Click HERE or on above image to see available packages
8. Sherwin Williams Repose Gray
Repose Gray is one of Sherwin Williams more popular gray paint colours, even though I lean MORE into Big Chill/On the Rocks for flexibility. Repose Gray is darned interesting though, as while it’s a light warm gray that favours a purple undertone, it can pick up just a nugget of green with the right encouragement. I often recommend lightening Repose Gray, just to lift it up a touch.
And remember, I’m 110% dedicated to using only photos from my local or Online Colour Consulting clients (and my own home), so HUGE high-fives to all of you for sending me your photos!
9. Sherwin Williams Mindful Gray SW 7016
Mindful Gray is warm gray, and with its LRV of 48, it sits more in the SOLID light-medium range, rather than the off-white or light range. For HOME STAGING, this has more depth than I’d prefer, but for personal use, if you aren’t into the lighter, softer colours, this one could hit a great spot.
Seriously, check out how Mindful Gray (and a new backsplash and countertop) updated the look of those oak cabinets – love how this update turned out without having to change much of the wood!
Mindful Gray does favour a vague purple undertone, but I’ve also seen it pick up a weeee willy wink o’ green, giving it a bit of flexibility. If you’re finding that it’s similar in nature to Repose Gray, you’d be right, as it’s like a slightly darker version of it!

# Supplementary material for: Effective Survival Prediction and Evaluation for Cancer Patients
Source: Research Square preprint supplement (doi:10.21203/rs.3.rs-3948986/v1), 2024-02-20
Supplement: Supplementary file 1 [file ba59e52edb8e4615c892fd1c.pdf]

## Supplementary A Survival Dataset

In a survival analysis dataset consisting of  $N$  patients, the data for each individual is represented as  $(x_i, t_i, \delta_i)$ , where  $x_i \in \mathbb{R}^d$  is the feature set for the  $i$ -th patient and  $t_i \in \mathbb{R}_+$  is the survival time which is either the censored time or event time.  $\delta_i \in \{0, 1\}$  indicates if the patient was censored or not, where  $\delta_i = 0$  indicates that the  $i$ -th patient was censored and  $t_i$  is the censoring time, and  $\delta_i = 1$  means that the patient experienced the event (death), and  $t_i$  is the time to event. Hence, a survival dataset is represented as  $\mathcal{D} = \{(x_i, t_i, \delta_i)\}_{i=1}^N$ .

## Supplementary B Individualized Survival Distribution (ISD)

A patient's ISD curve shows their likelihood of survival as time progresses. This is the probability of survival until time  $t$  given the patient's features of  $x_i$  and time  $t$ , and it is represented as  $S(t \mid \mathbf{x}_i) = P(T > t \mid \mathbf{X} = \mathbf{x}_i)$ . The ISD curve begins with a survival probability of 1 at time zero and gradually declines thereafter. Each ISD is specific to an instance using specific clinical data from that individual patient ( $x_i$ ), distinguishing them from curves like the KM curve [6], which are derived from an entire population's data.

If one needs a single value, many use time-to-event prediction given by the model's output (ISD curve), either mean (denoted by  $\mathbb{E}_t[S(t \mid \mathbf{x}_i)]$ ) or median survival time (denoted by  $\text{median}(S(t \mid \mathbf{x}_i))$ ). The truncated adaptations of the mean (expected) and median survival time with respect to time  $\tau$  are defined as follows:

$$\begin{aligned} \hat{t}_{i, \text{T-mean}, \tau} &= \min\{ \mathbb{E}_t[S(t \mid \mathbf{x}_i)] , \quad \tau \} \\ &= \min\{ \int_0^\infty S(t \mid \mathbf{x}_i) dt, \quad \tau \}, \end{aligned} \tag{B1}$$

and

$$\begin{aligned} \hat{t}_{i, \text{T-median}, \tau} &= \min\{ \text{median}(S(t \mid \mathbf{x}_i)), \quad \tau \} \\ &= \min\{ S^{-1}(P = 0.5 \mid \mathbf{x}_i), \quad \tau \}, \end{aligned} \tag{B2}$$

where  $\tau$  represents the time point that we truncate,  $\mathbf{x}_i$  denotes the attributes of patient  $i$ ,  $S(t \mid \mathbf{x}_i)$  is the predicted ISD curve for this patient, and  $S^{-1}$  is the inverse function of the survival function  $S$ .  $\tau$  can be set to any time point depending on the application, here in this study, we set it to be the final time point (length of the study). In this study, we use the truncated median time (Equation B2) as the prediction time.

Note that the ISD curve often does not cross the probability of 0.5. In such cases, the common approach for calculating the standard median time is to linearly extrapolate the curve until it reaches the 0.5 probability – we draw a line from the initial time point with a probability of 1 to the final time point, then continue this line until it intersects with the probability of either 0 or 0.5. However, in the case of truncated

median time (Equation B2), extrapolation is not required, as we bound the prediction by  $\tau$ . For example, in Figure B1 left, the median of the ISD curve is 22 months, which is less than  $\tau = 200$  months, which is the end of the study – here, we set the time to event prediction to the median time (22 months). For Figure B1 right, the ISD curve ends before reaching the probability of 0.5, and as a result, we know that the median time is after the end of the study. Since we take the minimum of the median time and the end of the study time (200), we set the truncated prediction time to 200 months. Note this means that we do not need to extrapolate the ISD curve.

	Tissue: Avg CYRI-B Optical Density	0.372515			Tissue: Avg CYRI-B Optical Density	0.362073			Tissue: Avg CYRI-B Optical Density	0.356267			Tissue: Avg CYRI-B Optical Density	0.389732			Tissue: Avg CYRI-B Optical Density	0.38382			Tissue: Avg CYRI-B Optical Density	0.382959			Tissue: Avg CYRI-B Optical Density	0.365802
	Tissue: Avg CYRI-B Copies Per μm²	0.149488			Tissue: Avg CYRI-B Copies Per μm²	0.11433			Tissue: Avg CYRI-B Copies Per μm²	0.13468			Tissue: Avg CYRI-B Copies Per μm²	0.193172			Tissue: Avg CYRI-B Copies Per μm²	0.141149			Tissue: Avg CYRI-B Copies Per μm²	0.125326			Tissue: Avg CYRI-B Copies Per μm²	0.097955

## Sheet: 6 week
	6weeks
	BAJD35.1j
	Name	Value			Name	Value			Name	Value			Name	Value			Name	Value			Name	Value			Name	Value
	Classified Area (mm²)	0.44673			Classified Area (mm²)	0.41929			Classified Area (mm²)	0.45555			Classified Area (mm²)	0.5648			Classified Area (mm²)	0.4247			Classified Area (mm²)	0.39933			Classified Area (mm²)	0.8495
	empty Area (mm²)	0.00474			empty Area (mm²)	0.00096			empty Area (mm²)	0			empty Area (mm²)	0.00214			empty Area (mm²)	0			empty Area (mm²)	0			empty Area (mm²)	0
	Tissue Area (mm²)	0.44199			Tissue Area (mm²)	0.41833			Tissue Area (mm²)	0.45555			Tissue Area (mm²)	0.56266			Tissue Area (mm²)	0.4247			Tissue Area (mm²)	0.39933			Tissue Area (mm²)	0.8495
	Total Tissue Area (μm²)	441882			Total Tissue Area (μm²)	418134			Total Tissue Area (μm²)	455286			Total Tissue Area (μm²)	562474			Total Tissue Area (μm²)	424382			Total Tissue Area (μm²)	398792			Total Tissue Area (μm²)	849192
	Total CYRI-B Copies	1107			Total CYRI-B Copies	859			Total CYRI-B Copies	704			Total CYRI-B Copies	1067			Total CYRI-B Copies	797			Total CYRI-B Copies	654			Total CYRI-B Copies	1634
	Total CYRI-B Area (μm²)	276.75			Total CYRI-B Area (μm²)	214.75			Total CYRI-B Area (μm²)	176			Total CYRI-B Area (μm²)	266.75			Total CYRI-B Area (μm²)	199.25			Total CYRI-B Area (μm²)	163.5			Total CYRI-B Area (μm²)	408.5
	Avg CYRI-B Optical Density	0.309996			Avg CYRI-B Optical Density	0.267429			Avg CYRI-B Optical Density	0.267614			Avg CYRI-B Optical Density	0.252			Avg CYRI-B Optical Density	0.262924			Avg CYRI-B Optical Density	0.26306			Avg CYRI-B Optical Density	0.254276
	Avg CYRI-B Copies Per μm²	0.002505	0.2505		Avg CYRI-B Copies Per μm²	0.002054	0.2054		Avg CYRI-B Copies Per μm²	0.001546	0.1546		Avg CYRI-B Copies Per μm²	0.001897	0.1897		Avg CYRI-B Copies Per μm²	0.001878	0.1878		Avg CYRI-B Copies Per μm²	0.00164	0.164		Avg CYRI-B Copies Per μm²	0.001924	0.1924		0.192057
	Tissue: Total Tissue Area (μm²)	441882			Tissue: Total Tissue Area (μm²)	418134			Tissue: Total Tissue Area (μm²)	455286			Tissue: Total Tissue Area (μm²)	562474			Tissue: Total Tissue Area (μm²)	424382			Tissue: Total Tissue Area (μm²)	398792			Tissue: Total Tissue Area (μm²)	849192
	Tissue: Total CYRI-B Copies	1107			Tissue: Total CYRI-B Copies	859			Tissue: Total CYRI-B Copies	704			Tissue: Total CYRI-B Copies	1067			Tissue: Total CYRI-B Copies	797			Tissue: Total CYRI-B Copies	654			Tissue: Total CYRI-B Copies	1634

10. Benjamin Moore Stonington Gray HC 170
Oooooo, Stonington Gray ALMOST made it into round 1 as its LRV is getting awfully close to my happy place. However, I find that because of the TYPE of colour it is (gray), it can look just a wink too heavy/stormy for some rooms.
Stonington Gray is a light (heavy-light) gray that is cool looking, but not super ICY cold, it has more of a stormy look to it. It can definitely crisp up in a north-facing room, but be careful in a dark hallway as it can look a bit friggid.
Let’s take a quick break to talk about paint samples…
Undoubtedly, you’ll be heading out in the near future to grab paint samples – stop right there! I want you to check out SAMPLIZE. Samplize offers peel and stick paint samples that are more AFFORDABLE, EASIER and more ENVIRONMENTALLY FRIENDLY than traditional paint pots. Here are just a FEW reasons why I recommend Samplize to my clients…
- Samples arrive ON YOUR DOORSTEP in 1-3 business days, depending on location
- At $6.99, they’re more affordable than the samples pots/rollers/foam boards that are needing for traditional paint sampling
- If you keep the samples on their white paper, you can move them around the room
Visit the SAMPLIZE website HERE
11. Benjamin Moore Revere Pewter HC 172
As far as LRV goes, Revere Pewter is a bit dark when it comes to universally beautiful paint colours, but because of MASS APPEAL, I almost squeezed it in with the first batch of colours – DAMN is it a popular colour!
In this next photo, look at how soft and pretty it is in the bedroom, but AROUND the doorway to the bathroom, where it’s more shaded, look at how moody it becomes! That’s going to happen much easier with colours that have a lower LRV.
Revere Pewter in the bedroom, Wickham Gray in the bathroom
You would be hard-pressed to find a colour that is more well-known than Revere Pewter right now. Why? Well, it does a whole bunch of fantastic things. RP is a light (let’s call it a heavy light) warm gray, trying to be a greige, with an earthy-green undertone…HOWEVER, I’ve been known to see flashes of blue and purple (subtle undertones) and the above 3 photos are the PERFECT examples of that range!
12. Sherwin Williams Anew Gray SW 7030
Anew Gray is stunning. It’s a light-medium greige, and while it does slightly favour gray, overall, it can appear relatively well-balanced, with a bit more contrast than the lighter version, Agreeable Gray.
So, there you have it, my funny friends. Again, while these might not suit EVERY single finish in your home, they should at least get you on the path to colour happiness!